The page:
Purpose: To explore the relationship between oral mucositis and selected clinical and economic outcomes in blood and marrow transplant patients. Patients and Methods: Subjects consisted of 92 transplant patients from eight centers who participated in a multinational pilot study of a new oral mucositis scoring system (Oral Mucositis Assessment Scale [OMAS]). In the pilot study, patients were evaluated for erythema and ulceration/pseudomembrane formation beginning on the first day of conditioning and continuing for 28 days. We examined the relationship between patients' peak OMAS scores and days with fever (body temperature > 38.0°C), the occurrence of significant infection, days of total parenteral nutrition (TPN), and days of injectable narcotic therapy (all over 28 days), days in hospital (over 60 days), total hospital charges for the index admission, and vital status at 100 days. Results: Patients' peak OMAS scores spanned the full range of possible values (0 to 5) and were significantly (P < .05) correlated with all of the outcomes of interest except days with fever (P = .21). In analyses controlling for type of graft (autologous v allogeneic) and study center, a 1-point increase in peak OMAS score was associated with (1) 1.0 additional day with fever (P < .01), (2) a 2.1-fold increase in risk of significant infection (P < .01), (3) 2.7 additional days of TPN (P < .0001), (4) 2.6 additional days of injectable narcotic therapy (P < .0001), (5) 2.6 additional days in hospital (P < .01), (6) $25,405 in additional hospital charges (P < .0001), and (7) a 3.9-fold increase in 100-day mortality risk (P < .01). Mean hospital charges were $42,749 higher among patients with evidence of ulceration compared with those without (P = .06). Conclusion: Oral mucositis is associated with significantly worse clinical and economic outcomes in blood and marrow transplantation.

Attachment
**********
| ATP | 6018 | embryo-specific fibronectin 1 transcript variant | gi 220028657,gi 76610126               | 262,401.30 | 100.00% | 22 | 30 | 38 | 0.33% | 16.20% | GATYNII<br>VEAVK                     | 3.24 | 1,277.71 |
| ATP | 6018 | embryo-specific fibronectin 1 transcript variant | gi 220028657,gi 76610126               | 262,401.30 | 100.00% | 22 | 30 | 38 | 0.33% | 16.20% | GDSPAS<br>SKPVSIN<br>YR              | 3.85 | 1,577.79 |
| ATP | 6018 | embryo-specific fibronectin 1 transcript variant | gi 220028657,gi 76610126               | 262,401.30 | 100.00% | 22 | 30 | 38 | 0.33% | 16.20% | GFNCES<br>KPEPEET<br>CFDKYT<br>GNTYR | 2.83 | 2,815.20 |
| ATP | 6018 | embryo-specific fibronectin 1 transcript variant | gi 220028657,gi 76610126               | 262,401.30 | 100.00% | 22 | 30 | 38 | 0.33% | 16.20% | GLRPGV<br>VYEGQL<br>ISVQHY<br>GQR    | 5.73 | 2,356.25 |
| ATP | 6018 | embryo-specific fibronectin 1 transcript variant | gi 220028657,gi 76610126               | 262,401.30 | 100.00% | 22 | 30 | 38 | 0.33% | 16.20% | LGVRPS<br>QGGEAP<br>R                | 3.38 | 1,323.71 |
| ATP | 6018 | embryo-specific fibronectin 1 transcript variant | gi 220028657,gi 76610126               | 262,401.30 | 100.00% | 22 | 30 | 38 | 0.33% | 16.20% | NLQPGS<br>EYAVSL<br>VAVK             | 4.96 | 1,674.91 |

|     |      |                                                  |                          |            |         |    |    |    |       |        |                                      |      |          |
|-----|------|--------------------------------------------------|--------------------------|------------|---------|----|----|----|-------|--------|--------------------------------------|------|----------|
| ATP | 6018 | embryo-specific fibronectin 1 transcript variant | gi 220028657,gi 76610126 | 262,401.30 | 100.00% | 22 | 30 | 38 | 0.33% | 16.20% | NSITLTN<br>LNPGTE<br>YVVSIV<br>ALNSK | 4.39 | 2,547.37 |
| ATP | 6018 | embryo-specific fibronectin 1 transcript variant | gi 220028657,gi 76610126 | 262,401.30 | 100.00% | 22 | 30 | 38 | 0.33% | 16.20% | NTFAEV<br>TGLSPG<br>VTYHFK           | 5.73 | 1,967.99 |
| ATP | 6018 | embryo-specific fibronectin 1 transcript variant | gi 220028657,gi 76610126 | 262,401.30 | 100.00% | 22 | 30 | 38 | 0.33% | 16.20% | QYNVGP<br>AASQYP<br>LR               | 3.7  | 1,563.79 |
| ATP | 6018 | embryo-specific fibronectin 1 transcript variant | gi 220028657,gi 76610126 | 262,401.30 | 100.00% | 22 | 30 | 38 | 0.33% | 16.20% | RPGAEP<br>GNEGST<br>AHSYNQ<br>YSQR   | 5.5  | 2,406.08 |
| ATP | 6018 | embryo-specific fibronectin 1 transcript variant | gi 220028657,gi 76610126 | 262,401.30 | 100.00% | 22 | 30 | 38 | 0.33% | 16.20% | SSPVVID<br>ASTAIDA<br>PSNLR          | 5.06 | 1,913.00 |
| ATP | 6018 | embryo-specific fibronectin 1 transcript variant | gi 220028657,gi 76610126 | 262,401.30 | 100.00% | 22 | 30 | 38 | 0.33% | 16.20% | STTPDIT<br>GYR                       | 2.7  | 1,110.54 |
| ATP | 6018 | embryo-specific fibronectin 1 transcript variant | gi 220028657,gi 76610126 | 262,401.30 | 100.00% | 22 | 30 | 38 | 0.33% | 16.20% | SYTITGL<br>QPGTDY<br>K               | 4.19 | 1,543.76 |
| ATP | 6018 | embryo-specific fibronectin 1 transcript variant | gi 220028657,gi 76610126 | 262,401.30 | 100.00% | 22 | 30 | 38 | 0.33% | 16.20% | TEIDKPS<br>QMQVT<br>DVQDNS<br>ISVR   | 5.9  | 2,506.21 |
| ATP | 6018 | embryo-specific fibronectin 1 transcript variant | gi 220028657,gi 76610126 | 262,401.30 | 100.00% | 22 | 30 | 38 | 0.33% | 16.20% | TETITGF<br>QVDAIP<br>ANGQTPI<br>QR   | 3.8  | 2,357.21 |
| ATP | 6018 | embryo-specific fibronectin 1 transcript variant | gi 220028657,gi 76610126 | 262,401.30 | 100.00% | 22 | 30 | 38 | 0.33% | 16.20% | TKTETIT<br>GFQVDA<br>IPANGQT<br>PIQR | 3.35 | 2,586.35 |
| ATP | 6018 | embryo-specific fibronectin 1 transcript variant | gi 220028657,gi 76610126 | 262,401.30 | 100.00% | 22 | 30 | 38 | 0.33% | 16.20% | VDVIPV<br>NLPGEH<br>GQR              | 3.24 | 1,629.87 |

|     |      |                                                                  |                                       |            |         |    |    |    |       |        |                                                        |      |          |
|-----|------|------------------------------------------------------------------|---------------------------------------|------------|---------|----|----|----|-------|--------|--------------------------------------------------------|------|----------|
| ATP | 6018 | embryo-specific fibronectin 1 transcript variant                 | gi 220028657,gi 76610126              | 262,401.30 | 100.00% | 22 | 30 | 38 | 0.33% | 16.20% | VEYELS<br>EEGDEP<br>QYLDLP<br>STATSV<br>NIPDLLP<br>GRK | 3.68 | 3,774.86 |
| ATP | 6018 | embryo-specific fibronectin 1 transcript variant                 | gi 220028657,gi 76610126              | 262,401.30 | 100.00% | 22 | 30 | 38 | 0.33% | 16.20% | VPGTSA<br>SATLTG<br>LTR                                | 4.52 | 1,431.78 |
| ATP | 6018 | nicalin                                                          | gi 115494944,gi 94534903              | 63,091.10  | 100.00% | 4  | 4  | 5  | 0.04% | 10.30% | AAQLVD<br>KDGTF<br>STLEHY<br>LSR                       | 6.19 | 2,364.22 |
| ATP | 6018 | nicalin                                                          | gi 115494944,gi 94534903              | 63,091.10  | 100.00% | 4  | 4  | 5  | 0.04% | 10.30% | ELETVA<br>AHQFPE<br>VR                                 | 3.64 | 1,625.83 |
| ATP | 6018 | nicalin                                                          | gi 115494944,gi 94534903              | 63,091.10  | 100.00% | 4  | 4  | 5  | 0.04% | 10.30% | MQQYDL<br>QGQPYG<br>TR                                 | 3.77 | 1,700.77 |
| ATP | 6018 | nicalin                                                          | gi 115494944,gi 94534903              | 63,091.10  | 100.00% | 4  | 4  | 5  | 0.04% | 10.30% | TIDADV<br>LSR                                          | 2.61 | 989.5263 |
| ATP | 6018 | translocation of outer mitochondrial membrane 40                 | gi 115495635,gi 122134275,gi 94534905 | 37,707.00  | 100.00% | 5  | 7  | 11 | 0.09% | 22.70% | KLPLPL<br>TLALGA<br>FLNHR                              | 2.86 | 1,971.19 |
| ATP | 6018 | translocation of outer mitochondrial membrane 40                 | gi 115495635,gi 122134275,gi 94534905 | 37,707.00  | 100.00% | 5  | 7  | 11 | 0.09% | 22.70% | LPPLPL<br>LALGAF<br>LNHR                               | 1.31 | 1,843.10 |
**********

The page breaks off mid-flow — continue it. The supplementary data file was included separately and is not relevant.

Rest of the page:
ASJC Scopus subject areas
- Cancer Research